Another explanation for the increased focus on SEL in education is that the federal Every Student Succeeds Act (ESSA), passed in late 2015, calls for a new element of student success by allowing states to add a nonacademic indicator in their student accountability systems. School climate or student engagement surveys, for example, would be such an indicator.

Student Support and Academic Enrichment Grants, which direct funds toward helping schools provide a “well-rounded education,” are also part of the law, assisting schools in supporting the health and safety of students through, for example, school-based violence prevention, anti-bullying, or mental health programs.

Before ESSA, several states were beginning to develop SEL standards. According to CASEL’s State Scan Scorecard Project, four states—Illinois, Kansas, Pennsylvania, and West Virginia—have K–12 SEL standards. Another handful of states have adopted standards up to third grade, and most states have them at the preschool level. This year, CASEL is also partnering with eight states to develop policies and SEL standards. Those in the Collaborating States Initiative are California, Georgia, Massachusetts, Minnesota, Nevada, Pennsylvania, Tennessee, and Washington.

To help educators and the public gain more understanding of SEL, the Aspen Institute has announced a two-year initiative that will include site visits and field hearings. The National Commission on Social, Emotional, and Academic Development will involve classroom teachers; superintendents; and business, philanthropy, health, and military leaders. A separate youth commission will ensure that students’ voices are part of the conversation as well.

“A single, one-size-fits-all approach won’t work and is not on the table,” Shirley Brandman, executive director of the commission and a former president of the Montgomery County (MD) Board of Education, wrote in an Aspen Institute blog post. “That said, all students deserve to go to a school that provides a comprehensive approach to learning and development that prepares them to thrive in school, in our evolving 21st century workplace, and in life.”

Mindfulness and belonging

While long integrated into instruction for young children, SEL programs are now gaining attention across all grade levels. In addition, schoolwide SEL approaches are more likely to create opportunities for all staff members to reinforce the skills that educators want students to develop. Over the past decade, schools across the country have been implementing mindfulness programs because they have been found to have a range of benefits, “including improvements in working memory, attention, academic skills, social skills, emotional regulation, and self-esteem, as well as self-reported improvements in mood and decreases in anxiety, stress, and fatigue,” psychologist John Meiklejohn and colleagues wrote in a 2012 article.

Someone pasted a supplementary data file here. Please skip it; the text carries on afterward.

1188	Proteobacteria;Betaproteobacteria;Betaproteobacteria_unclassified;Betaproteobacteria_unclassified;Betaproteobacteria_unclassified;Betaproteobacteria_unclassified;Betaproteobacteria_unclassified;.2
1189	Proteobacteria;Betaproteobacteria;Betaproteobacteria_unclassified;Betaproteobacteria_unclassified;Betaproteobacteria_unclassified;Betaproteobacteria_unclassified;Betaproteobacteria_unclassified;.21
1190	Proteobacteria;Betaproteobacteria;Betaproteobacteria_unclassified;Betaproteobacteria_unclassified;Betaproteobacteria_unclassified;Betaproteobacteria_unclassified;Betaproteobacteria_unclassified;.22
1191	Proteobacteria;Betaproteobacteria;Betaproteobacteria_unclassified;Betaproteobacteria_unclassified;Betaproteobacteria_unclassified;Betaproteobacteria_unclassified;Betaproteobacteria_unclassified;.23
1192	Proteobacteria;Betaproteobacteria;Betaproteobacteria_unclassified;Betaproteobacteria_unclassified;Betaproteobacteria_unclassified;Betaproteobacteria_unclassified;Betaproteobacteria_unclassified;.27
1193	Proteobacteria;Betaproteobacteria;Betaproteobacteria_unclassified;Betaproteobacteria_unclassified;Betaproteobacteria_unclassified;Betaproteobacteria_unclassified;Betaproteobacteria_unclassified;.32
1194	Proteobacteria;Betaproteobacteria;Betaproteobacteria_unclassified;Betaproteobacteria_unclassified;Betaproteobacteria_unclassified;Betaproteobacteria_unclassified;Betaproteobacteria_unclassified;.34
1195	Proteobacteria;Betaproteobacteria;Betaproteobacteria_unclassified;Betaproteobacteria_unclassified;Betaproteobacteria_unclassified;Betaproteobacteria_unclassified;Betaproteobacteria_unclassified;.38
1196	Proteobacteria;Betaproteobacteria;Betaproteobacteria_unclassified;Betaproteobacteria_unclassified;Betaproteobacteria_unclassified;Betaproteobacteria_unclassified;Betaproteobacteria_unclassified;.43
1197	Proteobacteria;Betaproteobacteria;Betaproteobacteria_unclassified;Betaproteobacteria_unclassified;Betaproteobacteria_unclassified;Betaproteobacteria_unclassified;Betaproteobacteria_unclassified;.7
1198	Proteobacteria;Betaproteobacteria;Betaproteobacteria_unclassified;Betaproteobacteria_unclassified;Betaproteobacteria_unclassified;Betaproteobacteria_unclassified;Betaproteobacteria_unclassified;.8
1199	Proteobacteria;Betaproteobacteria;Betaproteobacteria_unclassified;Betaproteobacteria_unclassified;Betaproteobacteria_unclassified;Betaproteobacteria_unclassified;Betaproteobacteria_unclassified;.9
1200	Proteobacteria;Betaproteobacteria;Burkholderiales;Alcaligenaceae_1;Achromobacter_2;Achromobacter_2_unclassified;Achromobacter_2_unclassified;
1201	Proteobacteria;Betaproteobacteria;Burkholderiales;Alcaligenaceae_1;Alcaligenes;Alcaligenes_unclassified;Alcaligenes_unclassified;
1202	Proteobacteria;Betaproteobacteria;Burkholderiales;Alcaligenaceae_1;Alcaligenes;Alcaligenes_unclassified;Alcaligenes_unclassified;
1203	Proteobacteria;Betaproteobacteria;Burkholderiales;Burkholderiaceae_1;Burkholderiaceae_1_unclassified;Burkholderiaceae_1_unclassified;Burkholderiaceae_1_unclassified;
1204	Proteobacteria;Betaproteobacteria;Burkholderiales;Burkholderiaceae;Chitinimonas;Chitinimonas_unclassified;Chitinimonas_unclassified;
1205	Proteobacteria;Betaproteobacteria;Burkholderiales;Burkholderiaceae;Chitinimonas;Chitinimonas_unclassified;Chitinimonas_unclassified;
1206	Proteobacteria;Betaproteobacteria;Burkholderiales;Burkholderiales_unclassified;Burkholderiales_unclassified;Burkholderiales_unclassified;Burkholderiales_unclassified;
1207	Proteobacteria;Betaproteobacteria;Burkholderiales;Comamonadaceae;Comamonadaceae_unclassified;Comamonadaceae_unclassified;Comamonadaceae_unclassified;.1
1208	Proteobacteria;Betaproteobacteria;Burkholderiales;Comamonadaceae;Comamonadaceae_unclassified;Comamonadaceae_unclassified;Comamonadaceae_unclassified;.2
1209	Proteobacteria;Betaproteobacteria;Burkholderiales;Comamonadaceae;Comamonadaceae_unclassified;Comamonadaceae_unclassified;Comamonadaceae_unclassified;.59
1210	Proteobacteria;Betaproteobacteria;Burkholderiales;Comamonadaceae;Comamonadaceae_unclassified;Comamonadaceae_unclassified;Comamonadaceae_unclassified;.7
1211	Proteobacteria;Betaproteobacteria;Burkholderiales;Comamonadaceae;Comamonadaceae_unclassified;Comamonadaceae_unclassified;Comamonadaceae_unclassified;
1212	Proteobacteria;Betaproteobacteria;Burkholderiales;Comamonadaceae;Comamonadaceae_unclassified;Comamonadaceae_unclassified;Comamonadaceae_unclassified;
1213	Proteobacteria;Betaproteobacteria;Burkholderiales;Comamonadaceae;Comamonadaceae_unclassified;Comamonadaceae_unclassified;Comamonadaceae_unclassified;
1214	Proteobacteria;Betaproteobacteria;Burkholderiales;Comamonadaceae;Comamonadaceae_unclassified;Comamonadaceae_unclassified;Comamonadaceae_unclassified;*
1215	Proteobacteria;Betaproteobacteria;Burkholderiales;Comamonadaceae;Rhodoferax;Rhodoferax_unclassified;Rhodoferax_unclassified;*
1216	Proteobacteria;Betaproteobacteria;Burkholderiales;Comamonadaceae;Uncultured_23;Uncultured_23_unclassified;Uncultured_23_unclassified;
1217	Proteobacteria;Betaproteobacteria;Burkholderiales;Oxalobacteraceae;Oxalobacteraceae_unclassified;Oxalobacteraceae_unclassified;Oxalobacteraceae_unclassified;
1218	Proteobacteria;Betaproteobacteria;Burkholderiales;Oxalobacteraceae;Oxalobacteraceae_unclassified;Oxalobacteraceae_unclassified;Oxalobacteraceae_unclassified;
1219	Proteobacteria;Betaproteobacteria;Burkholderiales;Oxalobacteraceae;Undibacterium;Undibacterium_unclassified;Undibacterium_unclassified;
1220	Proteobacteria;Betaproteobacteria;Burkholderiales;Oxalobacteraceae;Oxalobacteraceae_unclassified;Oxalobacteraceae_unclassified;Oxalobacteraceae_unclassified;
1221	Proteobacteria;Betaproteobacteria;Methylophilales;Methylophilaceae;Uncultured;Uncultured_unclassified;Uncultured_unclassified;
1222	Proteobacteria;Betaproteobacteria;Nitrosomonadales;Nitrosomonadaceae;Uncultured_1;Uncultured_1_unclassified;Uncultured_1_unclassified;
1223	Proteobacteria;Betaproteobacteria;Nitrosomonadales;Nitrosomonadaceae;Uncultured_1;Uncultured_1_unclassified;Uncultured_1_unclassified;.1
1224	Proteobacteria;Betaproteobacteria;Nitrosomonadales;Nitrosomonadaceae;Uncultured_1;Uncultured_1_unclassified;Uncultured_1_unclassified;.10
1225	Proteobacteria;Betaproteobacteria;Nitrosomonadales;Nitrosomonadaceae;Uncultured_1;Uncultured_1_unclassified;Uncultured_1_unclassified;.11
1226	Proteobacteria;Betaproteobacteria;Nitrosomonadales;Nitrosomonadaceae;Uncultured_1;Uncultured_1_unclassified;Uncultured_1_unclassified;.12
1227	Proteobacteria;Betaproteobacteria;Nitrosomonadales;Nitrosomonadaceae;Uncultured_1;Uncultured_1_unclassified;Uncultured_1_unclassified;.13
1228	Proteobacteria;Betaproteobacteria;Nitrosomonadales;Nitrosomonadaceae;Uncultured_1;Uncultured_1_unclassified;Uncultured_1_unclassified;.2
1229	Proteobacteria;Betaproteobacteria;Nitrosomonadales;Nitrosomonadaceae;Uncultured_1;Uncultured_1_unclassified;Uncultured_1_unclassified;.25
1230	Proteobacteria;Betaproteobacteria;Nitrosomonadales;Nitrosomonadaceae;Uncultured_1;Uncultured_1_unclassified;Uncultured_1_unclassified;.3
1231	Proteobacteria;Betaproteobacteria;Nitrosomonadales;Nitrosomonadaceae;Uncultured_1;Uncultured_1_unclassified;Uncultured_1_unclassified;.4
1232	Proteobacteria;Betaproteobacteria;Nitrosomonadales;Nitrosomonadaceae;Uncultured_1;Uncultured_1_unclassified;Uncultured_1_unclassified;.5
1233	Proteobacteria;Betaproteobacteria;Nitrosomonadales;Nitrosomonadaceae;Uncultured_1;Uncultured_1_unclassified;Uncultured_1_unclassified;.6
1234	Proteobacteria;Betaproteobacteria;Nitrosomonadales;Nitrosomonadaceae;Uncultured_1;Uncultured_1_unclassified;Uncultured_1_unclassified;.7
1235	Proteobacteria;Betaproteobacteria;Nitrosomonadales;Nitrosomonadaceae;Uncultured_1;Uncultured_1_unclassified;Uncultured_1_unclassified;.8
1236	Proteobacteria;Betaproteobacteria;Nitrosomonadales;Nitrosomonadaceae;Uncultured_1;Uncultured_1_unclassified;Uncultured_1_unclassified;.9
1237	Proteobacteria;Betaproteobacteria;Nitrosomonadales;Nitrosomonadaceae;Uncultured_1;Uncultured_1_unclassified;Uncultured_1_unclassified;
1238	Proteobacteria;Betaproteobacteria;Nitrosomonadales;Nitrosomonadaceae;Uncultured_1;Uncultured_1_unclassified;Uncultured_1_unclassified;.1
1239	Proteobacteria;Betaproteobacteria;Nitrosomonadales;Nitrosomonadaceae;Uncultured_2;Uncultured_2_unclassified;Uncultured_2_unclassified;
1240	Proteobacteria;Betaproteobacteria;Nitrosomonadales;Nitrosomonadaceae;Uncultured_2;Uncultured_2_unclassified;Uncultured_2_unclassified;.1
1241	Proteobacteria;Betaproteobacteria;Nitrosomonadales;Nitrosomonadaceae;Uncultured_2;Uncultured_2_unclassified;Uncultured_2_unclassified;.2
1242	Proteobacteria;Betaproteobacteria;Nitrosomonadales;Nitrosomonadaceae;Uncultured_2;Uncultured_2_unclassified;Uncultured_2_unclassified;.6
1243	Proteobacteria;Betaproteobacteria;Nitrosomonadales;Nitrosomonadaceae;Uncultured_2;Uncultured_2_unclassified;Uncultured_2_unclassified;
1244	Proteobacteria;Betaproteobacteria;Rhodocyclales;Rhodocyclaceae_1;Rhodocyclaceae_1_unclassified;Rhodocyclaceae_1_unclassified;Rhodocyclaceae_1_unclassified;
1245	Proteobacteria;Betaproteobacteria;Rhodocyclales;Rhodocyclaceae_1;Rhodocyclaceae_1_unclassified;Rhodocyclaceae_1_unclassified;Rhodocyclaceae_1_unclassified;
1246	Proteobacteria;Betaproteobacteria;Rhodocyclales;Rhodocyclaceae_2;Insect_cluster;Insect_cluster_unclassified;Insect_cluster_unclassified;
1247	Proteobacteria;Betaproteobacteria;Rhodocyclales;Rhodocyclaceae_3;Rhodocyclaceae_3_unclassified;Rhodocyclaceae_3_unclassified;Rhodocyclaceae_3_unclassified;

Mindfulness is just one strategy that John Adams Middle School in Santa Monica, CA, has implemented to increase a sense of belonging among students and address their social development. Creating clubs to strengthen relationships between students and teachers is another. In Amy Beeman-Solano’s language arts class, Facing History lessons and activities are woven into her instruction. “To me, Facing History is a toolbox for linking the stuff of the mandated curriculum to the things that [students]care about,” Beeman-Solano says.

On the day after Halloween, eighth graders stand in a large circle, preparing to read a line or two from the scary stories they have been writing. But before they start, Beeman-Solano asks them to consider why some students groan when asked to read their own work before the class. “It’s embarrassing,” one student says. “Fear of judgment,” another says. A third responds, “Some people could feel anxiety or stress in public speaking.”

Pausing for such a discussion helps the students remember how to be respectful audience members and reinforces a central Facing History principle of “putting yourself in somebody else’s shoes,” Hendra says.

Beeman-Solano says she first began using Facing History when she was looking for a way to get her students to better connect to Red Scarf Girl (HarperCollins, 1997), a memoir by Ji-li Jiang about the Cultural Revolution in China. Because her school has a variety of efforts focused on supporting students’ social-emotional development, she says it’s hard for her to “tease out” the impact of Facing History. She says the question for her is, “Do I feel that the [engagement] has improved, especially in struggling students?”

1702-SocialEmotional-CHARTBringing SEL into the open

Across the country in the Smithtown (NY) Central School District on Long Island, students are getting opportunities to practice and express social emotional skills in Tim Needles’s art and media class at Smithtown High School East. “I think art has a lot of connections with SEL learning,” he says.

Needles and several other teachers participated in a pilot project in partnership with Project Presence, a nonprofit organization that teaches mindfulness and provides professional development for teachers. Students who were enthusiastic about the approach created a video to explain the concepts to students in elementary school.